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Lord Wolfson outlines four points to help save the high street

Next chief executive Lord Wolfson has said improving the high street is “simple” and dismissed other tactics as “frills and gimmicks”.

Cheaper parking and larger shop units are among the factors Wolfson believes could help turn around the UK high street.“What is needed to improve the high street is simple,” explained Wolfson. He added there are four key points. The first, he said was “good, quick access by car”, the second is to have plentiful, cheap parking.

Wolfson said high streets should have a “dense pitch of shops with some form of canopy so stop people getting wet and some pedestrianisation to stop people from getting run over. They need units that are large enough to take the sort of ranges retailers have these days which is significantly bigger than in the 1960s and 70s.”

“All the other frills and gimmicks won’t change a thing,” he added. “Town centres that really die are the ones that are reluctant to do any of that.”

There has been a strong focus on the resurrection of the high street over the past few years after Mary Portas was bought on board by the Government to conduct a review and Bill Grimsey also published a review on the topic last week.

Wolfson added that although he believes the UK economy has come to the end of the “credit squeeze” this is not the same as a full recovery. “Our view is we won’t be seeing any real recovery until the time when wage inflation exceeds CPI inflation,” he added. “We are at a pivotal point but it is at least a year off. We remain extremely cautious.”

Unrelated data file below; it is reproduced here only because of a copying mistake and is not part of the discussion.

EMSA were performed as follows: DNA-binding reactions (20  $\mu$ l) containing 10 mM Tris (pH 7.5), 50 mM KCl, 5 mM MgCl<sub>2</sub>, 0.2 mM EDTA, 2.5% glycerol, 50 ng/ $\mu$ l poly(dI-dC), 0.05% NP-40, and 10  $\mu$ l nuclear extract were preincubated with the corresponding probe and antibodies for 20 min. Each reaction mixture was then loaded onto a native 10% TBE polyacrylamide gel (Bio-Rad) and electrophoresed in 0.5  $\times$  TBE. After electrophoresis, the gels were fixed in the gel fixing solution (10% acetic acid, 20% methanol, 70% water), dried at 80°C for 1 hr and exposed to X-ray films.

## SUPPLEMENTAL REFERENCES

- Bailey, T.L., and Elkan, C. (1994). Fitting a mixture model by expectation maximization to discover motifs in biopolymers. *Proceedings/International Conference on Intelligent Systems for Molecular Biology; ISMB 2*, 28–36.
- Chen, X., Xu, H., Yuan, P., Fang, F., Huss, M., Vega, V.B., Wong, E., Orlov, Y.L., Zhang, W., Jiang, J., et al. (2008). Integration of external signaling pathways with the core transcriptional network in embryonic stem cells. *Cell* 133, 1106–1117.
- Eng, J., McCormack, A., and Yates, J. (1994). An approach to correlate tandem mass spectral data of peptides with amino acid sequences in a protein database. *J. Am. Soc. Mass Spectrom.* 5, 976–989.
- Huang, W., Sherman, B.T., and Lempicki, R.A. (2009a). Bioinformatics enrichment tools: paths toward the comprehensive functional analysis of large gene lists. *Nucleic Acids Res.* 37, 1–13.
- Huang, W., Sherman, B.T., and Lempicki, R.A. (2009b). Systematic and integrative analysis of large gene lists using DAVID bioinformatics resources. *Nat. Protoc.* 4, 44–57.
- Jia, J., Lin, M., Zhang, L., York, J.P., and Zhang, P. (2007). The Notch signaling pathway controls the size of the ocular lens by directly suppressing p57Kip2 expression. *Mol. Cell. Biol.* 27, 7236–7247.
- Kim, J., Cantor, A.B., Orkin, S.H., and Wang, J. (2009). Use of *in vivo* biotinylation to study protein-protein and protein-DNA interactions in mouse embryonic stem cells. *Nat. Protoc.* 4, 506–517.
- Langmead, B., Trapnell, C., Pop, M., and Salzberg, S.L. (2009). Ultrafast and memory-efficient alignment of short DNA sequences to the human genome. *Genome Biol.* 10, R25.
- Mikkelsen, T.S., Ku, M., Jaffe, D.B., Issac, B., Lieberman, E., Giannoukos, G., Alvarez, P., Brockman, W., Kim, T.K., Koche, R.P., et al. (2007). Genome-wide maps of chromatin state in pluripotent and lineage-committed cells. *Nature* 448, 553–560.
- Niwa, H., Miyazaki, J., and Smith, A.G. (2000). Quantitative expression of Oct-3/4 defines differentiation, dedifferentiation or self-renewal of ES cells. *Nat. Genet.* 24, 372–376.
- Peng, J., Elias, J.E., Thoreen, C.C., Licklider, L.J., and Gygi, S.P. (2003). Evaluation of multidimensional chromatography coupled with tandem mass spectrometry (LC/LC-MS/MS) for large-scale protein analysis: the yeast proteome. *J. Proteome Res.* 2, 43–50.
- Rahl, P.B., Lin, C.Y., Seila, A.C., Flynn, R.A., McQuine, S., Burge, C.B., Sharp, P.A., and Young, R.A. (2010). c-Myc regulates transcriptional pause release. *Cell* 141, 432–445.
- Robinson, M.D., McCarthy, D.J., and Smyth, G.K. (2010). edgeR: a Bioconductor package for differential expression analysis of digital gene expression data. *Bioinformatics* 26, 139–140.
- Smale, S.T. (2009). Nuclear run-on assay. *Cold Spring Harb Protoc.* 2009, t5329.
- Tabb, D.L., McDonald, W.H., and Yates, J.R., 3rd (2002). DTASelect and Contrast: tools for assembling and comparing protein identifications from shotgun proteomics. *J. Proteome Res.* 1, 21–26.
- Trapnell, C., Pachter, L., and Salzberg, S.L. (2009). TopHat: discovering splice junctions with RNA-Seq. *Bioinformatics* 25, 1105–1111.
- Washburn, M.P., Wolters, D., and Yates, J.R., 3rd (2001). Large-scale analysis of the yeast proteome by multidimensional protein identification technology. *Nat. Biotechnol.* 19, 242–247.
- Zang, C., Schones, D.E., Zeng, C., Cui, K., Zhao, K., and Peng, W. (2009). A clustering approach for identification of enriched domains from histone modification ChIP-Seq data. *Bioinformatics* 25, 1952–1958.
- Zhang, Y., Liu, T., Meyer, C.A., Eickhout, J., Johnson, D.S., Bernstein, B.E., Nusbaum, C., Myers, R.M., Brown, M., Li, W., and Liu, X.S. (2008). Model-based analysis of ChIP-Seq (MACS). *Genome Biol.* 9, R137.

This comes after the high street chain today announced that operating profits for its first half had grown by 7.2% with the retailer shifting more stock at full price.

Operating profits grew 7.2% to £285m in the six months to July 27 helped by a 3.9% increase in full price sales. Next went into its Sale with 18% less stock than last year and so markdown sales were therefore 13% down on last year.

Sales at the high street retailer rose 2.2% to £1.68bn boosted by additional retail selling space and increased online sales. Increased selling space added 1.8% to total sales.

Readers' comments (4)

  • It takes a retailer to understand the problems with our high st.

    But it will be to late save the high st unless something is done NOW. And not in 5 years time.

    Well done Lord Wolfson, pity you were not on board to advise the government.

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  • Martin Ailion

    Rents and rates need to be considered too.

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  • It all sounds simple. But too many town high streets can't pedestrianize, can't suddenly turn small Victorian or Georgian properties into large units, and can't provide canopied areas without demolition. Cheaper parking charges and provision is a must on every town council's agenda, as is rates. These are the real and accessible issues that will help turn small towns around.

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  • Cheap or free parking certainly encourages more trade. Why should people pay around £9 for 2 hours parking in Manchester ( as I recently did) when you can drive to the Trafford Centre instead and park for free ?! Councils need to do more to help retailers and landlords could encourage higher occupancy with smaller, niche retailers by being more flexible. Shopping locally is no longer a consumer's first point of call.

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